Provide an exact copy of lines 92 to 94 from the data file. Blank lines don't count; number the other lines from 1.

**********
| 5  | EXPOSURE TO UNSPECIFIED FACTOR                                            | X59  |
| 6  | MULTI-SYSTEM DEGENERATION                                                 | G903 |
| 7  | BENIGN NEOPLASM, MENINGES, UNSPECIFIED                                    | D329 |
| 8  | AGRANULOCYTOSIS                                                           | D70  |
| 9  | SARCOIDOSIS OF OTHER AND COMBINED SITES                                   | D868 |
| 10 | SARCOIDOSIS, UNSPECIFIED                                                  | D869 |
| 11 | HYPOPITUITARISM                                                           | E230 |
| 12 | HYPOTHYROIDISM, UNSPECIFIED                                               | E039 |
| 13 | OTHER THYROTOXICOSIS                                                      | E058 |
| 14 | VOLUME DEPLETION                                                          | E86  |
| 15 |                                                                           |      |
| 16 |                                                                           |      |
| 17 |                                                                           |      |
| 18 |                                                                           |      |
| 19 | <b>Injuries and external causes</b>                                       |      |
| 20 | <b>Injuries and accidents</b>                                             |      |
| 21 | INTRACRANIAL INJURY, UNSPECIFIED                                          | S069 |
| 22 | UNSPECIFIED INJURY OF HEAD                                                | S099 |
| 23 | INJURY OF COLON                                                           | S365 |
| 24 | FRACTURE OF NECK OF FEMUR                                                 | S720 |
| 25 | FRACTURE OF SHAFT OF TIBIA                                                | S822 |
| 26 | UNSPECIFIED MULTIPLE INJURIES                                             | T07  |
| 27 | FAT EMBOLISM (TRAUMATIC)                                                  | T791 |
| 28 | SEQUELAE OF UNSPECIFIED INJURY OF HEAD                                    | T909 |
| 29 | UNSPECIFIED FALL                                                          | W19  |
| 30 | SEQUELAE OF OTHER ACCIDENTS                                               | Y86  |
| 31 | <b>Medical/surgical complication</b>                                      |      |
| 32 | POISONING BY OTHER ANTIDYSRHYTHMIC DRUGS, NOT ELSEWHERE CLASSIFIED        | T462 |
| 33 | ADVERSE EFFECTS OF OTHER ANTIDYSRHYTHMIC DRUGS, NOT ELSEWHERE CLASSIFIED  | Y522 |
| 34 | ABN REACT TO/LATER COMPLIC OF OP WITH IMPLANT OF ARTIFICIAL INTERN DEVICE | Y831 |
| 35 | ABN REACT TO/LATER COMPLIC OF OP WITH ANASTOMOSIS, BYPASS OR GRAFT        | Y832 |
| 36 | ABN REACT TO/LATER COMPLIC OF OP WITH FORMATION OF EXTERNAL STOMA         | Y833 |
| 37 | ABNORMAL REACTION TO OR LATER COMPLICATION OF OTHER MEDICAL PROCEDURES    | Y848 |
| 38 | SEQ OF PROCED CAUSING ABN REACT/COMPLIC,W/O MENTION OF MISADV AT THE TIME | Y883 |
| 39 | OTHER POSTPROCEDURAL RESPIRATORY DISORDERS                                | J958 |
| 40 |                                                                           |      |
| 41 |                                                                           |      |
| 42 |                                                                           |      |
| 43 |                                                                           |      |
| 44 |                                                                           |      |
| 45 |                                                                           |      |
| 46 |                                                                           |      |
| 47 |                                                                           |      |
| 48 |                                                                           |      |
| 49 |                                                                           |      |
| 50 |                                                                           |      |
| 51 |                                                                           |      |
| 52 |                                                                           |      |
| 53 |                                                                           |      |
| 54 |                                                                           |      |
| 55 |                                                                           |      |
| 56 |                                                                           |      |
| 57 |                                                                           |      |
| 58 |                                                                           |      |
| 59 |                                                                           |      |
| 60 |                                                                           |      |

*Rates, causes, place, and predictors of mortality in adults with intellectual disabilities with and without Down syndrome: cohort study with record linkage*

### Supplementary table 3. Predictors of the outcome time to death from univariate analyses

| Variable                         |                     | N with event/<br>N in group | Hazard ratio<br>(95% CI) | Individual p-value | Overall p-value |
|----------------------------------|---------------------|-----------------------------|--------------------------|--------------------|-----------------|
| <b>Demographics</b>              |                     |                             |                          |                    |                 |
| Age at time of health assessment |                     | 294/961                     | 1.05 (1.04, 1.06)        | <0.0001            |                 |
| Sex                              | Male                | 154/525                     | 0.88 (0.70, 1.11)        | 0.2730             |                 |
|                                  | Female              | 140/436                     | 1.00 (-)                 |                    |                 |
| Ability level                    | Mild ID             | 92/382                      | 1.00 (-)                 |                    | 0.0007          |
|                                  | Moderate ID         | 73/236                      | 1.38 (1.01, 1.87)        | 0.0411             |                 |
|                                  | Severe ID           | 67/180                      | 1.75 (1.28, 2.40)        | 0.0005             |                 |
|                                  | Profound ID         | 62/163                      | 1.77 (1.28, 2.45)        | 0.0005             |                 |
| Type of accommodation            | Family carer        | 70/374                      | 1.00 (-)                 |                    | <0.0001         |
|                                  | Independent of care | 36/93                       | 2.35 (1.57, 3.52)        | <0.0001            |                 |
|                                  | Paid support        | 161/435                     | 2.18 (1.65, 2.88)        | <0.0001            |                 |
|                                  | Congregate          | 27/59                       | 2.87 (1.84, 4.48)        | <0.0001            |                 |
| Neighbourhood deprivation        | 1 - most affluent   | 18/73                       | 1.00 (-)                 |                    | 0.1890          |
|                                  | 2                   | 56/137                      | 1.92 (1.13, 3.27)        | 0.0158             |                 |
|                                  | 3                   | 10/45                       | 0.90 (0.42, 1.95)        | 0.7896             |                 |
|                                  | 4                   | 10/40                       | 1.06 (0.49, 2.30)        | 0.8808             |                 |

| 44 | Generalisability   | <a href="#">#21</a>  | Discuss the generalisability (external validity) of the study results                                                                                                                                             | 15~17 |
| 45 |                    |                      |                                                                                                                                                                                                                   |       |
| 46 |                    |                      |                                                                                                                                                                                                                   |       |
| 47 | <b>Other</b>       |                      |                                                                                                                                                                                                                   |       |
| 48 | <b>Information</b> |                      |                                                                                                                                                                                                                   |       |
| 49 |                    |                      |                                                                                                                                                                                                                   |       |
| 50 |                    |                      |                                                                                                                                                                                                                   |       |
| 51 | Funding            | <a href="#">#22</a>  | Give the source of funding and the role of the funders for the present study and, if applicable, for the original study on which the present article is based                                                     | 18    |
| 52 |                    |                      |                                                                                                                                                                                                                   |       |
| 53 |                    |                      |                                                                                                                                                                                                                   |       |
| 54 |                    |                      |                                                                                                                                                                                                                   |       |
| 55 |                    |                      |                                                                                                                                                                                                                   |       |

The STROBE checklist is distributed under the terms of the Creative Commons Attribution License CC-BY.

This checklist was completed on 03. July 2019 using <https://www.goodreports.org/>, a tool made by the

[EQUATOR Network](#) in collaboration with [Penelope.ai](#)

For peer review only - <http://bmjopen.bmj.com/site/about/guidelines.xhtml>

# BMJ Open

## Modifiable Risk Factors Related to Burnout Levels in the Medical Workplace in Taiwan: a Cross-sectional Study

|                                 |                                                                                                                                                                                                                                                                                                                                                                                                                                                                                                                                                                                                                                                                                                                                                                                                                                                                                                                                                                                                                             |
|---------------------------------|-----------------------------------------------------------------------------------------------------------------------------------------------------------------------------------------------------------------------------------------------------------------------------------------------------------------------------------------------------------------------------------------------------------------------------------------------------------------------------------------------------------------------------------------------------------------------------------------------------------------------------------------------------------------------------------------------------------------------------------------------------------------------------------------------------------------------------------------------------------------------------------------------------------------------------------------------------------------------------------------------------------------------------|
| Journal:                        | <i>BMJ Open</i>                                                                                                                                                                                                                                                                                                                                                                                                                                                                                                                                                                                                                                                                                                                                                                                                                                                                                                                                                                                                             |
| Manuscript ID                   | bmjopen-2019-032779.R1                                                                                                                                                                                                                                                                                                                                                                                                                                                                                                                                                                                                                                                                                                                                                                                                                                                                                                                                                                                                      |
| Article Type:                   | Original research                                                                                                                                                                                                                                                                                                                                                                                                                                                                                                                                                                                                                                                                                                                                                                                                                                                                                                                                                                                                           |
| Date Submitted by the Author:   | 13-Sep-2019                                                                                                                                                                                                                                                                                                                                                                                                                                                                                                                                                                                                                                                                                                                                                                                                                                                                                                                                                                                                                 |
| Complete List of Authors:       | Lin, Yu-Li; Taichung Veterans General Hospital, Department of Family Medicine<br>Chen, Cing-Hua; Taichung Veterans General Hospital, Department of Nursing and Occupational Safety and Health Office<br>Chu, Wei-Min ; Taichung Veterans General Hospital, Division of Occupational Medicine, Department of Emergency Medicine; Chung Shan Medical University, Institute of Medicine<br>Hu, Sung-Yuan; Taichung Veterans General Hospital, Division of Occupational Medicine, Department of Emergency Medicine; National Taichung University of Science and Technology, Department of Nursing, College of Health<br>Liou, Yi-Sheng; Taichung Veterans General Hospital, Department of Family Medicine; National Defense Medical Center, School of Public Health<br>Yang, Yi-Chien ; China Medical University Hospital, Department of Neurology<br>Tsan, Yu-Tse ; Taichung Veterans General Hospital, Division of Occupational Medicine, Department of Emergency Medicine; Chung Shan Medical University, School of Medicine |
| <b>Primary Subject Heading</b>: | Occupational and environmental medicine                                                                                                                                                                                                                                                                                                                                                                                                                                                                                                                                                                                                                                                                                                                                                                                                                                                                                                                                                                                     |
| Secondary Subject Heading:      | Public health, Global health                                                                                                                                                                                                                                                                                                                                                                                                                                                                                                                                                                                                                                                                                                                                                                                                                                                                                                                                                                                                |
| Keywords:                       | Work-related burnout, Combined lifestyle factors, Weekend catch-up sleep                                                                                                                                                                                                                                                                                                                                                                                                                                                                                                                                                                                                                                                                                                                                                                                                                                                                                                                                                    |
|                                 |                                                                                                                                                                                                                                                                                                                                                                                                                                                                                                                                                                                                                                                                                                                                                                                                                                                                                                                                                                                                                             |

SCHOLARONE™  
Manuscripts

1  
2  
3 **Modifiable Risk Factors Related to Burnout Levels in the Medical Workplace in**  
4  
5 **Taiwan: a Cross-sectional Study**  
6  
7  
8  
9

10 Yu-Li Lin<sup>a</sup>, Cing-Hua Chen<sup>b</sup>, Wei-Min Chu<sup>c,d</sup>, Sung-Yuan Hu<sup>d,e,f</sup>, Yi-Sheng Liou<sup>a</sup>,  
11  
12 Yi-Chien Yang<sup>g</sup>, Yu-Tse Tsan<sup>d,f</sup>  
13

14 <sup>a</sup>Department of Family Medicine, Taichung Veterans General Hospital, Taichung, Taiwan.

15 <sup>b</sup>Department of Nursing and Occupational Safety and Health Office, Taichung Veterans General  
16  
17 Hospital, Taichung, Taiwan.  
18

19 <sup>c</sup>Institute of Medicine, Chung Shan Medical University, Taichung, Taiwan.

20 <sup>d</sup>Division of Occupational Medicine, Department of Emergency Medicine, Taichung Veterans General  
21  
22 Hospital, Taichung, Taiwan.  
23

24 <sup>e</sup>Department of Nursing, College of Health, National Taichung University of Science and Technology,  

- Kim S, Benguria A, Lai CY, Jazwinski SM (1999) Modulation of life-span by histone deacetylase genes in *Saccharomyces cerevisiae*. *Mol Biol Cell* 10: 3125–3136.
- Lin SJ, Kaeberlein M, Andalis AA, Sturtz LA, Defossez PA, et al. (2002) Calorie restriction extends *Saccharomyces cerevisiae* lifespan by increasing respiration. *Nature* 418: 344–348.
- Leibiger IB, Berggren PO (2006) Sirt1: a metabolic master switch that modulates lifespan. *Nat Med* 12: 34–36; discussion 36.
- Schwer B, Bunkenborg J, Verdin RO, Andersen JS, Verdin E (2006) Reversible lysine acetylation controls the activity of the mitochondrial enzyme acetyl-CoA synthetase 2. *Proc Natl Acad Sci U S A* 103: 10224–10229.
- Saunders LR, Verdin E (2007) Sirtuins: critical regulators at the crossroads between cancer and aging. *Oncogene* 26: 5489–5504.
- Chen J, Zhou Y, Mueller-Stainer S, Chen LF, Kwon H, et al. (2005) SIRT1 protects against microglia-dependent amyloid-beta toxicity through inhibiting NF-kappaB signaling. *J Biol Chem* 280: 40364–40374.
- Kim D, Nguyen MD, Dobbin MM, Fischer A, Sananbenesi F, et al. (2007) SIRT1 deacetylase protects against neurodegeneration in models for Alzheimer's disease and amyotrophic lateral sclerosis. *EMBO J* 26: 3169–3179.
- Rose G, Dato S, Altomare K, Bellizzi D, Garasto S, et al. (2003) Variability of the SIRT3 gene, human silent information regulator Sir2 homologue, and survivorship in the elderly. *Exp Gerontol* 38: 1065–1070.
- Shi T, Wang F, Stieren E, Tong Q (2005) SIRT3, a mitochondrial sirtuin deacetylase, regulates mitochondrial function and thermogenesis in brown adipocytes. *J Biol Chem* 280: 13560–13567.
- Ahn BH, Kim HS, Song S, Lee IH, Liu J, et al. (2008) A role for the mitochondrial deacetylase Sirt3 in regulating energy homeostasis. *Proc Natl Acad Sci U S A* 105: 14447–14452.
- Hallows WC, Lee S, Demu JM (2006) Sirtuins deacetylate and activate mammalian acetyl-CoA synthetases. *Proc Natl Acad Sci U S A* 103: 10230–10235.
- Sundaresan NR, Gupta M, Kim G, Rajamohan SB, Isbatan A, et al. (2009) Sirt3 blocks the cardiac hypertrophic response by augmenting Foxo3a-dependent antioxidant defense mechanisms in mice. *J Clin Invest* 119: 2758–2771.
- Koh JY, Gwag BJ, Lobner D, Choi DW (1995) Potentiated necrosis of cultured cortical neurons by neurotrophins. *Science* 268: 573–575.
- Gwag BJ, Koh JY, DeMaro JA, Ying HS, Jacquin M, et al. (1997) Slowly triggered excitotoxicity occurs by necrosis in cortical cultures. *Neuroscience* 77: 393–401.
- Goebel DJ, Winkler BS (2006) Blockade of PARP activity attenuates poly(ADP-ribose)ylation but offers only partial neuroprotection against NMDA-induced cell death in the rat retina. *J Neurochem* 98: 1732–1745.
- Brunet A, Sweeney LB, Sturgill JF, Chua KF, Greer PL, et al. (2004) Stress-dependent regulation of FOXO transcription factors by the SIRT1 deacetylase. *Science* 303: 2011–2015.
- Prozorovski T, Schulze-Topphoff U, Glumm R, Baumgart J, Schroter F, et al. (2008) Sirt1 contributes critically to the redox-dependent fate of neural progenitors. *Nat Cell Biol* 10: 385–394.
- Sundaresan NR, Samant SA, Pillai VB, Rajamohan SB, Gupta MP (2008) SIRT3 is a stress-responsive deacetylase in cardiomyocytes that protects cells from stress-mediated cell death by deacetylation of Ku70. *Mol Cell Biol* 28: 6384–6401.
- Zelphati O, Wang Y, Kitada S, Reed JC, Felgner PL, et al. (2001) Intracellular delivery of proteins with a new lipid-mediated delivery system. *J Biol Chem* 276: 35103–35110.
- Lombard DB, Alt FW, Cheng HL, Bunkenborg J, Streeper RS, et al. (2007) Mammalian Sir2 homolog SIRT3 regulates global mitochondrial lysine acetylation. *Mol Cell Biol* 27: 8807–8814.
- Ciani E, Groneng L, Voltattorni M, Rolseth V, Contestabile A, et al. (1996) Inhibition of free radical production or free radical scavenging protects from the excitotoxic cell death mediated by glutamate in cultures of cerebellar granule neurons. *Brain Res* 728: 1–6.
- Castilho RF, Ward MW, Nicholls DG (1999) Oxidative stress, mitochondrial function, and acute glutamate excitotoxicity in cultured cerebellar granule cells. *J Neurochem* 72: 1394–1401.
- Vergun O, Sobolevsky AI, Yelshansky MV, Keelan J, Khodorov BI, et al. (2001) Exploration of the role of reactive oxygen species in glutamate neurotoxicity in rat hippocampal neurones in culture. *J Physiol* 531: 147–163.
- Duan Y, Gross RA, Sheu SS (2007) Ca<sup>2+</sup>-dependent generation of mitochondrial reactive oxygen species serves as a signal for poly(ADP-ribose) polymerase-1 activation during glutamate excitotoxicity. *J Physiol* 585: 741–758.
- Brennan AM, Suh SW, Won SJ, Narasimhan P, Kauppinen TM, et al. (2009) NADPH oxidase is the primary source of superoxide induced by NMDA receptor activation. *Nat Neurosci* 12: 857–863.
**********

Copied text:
For peer review only - <http://bmjopen.bmj.com/site/about/guidelines.xhtml>

# BMJ Open

## Modifiable Risk Factors Related to Burnout Levels in the Medical Workplace in Taiwan: a Cross-sectional Study